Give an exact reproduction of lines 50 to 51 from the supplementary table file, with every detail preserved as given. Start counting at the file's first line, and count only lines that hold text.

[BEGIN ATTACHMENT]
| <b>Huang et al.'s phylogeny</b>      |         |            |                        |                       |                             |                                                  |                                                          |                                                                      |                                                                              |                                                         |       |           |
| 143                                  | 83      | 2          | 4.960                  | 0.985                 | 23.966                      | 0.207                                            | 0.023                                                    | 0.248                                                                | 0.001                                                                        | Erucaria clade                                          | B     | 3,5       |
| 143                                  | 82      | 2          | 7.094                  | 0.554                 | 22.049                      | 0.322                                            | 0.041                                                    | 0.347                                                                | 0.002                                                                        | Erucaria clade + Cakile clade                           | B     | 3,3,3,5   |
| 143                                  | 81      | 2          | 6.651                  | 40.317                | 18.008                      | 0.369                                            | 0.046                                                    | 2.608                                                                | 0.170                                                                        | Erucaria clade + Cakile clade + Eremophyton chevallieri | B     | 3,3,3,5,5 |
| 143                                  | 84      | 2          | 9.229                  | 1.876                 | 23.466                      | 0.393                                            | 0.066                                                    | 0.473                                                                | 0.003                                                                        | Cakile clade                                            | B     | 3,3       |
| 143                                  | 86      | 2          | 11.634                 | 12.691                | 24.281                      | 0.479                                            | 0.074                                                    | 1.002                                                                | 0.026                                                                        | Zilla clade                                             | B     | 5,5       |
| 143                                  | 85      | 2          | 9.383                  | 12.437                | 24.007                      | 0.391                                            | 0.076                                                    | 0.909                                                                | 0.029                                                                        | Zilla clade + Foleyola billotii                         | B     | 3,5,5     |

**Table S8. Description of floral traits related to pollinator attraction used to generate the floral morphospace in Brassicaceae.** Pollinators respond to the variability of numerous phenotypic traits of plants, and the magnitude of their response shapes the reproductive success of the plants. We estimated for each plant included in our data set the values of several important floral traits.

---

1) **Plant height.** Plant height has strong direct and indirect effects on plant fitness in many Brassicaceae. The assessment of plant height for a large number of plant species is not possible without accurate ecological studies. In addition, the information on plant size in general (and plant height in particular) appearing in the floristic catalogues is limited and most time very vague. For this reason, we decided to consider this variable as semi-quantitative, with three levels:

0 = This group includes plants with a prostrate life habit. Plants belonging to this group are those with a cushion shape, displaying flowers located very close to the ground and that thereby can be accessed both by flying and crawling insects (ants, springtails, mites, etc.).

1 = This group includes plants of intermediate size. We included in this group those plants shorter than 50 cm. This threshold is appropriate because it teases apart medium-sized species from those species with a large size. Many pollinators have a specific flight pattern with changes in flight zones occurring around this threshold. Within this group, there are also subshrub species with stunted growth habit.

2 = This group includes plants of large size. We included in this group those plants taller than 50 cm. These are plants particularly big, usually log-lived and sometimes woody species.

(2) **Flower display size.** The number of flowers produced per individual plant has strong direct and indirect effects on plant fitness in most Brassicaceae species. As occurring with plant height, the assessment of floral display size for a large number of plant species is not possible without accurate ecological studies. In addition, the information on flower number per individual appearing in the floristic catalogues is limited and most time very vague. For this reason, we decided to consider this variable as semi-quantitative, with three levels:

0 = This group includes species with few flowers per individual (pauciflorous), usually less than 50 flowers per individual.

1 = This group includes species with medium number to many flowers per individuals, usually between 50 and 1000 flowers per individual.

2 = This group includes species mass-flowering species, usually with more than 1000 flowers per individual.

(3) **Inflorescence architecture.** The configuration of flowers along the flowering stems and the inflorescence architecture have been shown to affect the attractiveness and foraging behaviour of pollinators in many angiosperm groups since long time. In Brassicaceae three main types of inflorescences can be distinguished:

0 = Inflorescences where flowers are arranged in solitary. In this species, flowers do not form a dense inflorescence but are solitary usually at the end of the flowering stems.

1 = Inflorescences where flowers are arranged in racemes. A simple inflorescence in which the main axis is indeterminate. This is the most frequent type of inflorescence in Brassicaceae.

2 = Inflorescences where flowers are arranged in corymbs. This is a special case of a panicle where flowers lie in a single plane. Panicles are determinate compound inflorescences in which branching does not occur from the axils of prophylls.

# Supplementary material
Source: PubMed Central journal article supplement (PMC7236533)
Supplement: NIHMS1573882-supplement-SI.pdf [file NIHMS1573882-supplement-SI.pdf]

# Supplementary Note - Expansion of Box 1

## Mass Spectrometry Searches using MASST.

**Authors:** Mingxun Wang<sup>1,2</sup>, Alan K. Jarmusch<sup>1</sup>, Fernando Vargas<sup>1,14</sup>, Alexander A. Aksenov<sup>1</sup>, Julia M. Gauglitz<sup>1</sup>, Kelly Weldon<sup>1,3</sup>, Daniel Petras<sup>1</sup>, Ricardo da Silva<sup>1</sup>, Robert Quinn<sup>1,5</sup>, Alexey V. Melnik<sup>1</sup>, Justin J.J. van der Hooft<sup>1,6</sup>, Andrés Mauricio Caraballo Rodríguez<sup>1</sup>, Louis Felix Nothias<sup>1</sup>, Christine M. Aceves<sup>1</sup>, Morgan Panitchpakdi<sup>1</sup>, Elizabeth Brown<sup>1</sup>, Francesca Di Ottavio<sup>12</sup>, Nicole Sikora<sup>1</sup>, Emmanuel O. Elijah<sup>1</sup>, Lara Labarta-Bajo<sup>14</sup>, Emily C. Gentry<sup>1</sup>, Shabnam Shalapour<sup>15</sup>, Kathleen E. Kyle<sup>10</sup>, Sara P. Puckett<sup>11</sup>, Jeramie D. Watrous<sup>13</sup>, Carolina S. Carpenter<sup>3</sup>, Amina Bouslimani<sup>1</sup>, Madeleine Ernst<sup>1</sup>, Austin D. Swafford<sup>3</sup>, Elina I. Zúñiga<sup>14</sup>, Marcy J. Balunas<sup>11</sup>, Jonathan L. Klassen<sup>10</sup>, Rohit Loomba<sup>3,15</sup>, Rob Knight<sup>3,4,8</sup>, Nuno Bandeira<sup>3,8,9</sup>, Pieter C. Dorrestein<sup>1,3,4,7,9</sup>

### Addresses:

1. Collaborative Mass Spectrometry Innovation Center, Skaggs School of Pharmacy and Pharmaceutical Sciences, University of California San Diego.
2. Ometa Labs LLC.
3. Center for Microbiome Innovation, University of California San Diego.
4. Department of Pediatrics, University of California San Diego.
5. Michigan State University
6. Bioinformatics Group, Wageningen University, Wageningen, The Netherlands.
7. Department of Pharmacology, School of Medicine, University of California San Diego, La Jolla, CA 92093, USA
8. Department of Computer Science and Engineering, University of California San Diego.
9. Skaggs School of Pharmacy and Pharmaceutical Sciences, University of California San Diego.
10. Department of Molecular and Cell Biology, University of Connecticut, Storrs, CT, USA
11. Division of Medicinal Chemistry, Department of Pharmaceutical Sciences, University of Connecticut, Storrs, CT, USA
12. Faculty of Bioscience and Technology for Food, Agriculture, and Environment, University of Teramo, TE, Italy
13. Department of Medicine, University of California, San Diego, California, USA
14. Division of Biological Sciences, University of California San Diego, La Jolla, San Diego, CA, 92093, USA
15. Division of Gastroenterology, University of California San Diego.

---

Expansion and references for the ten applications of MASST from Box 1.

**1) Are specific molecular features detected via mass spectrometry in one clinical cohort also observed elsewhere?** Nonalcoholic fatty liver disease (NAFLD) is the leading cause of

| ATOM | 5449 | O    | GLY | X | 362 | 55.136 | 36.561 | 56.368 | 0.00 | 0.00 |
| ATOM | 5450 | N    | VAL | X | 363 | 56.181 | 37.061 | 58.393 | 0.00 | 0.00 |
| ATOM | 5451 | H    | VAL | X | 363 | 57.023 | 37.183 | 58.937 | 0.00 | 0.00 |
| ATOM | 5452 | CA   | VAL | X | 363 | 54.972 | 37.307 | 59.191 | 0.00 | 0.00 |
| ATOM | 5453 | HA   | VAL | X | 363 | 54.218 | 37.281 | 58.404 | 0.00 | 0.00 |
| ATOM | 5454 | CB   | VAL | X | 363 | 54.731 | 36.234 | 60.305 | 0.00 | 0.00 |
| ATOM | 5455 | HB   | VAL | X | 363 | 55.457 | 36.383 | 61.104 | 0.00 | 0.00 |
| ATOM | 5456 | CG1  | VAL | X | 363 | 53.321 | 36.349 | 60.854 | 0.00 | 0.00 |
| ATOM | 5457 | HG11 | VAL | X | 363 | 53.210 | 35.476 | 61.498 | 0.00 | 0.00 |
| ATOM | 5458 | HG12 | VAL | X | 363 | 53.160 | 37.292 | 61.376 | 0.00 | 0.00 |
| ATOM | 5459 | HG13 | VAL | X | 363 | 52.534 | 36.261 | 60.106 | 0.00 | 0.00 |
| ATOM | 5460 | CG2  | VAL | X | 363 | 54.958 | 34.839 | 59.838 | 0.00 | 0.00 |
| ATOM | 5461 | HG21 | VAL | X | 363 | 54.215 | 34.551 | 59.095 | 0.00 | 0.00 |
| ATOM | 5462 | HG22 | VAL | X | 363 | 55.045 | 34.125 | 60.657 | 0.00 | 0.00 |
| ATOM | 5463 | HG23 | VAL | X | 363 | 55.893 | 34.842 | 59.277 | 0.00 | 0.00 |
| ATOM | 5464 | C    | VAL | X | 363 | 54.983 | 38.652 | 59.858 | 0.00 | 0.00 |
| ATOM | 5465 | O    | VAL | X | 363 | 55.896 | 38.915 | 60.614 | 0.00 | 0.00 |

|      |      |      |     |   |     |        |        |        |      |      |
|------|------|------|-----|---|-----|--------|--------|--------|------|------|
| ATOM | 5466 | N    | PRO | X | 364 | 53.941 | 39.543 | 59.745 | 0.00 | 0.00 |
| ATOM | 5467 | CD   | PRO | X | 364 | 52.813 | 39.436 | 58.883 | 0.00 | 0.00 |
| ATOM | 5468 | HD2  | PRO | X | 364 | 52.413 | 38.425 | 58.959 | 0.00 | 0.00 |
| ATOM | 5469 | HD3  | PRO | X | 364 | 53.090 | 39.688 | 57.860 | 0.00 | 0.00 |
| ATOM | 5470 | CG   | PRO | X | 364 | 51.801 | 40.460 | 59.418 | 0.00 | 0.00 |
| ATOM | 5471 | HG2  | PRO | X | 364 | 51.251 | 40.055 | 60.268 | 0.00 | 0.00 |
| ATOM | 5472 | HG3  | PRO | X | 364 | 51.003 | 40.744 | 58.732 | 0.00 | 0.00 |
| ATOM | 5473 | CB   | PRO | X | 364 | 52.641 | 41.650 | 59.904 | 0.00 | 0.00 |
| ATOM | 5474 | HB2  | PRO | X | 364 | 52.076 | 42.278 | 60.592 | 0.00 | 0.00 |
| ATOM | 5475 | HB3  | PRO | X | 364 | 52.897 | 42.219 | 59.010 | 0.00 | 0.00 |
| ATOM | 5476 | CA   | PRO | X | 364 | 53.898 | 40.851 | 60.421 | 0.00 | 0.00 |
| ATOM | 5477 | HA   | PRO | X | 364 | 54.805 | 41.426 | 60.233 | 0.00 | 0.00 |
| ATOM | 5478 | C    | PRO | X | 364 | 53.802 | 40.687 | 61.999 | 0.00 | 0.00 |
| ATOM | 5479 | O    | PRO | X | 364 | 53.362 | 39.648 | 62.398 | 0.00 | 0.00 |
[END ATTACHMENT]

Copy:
| ATOM | 5452 | CA   | VAL | X | 363 | 54.972 | 37.307 | 59.191 | 0.00 | 0.00 |
| ATOM | 5453 | HA   | VAL | X | 363 | 54.218 | 37.281 | 58.404 | 0.00 | 0.00 |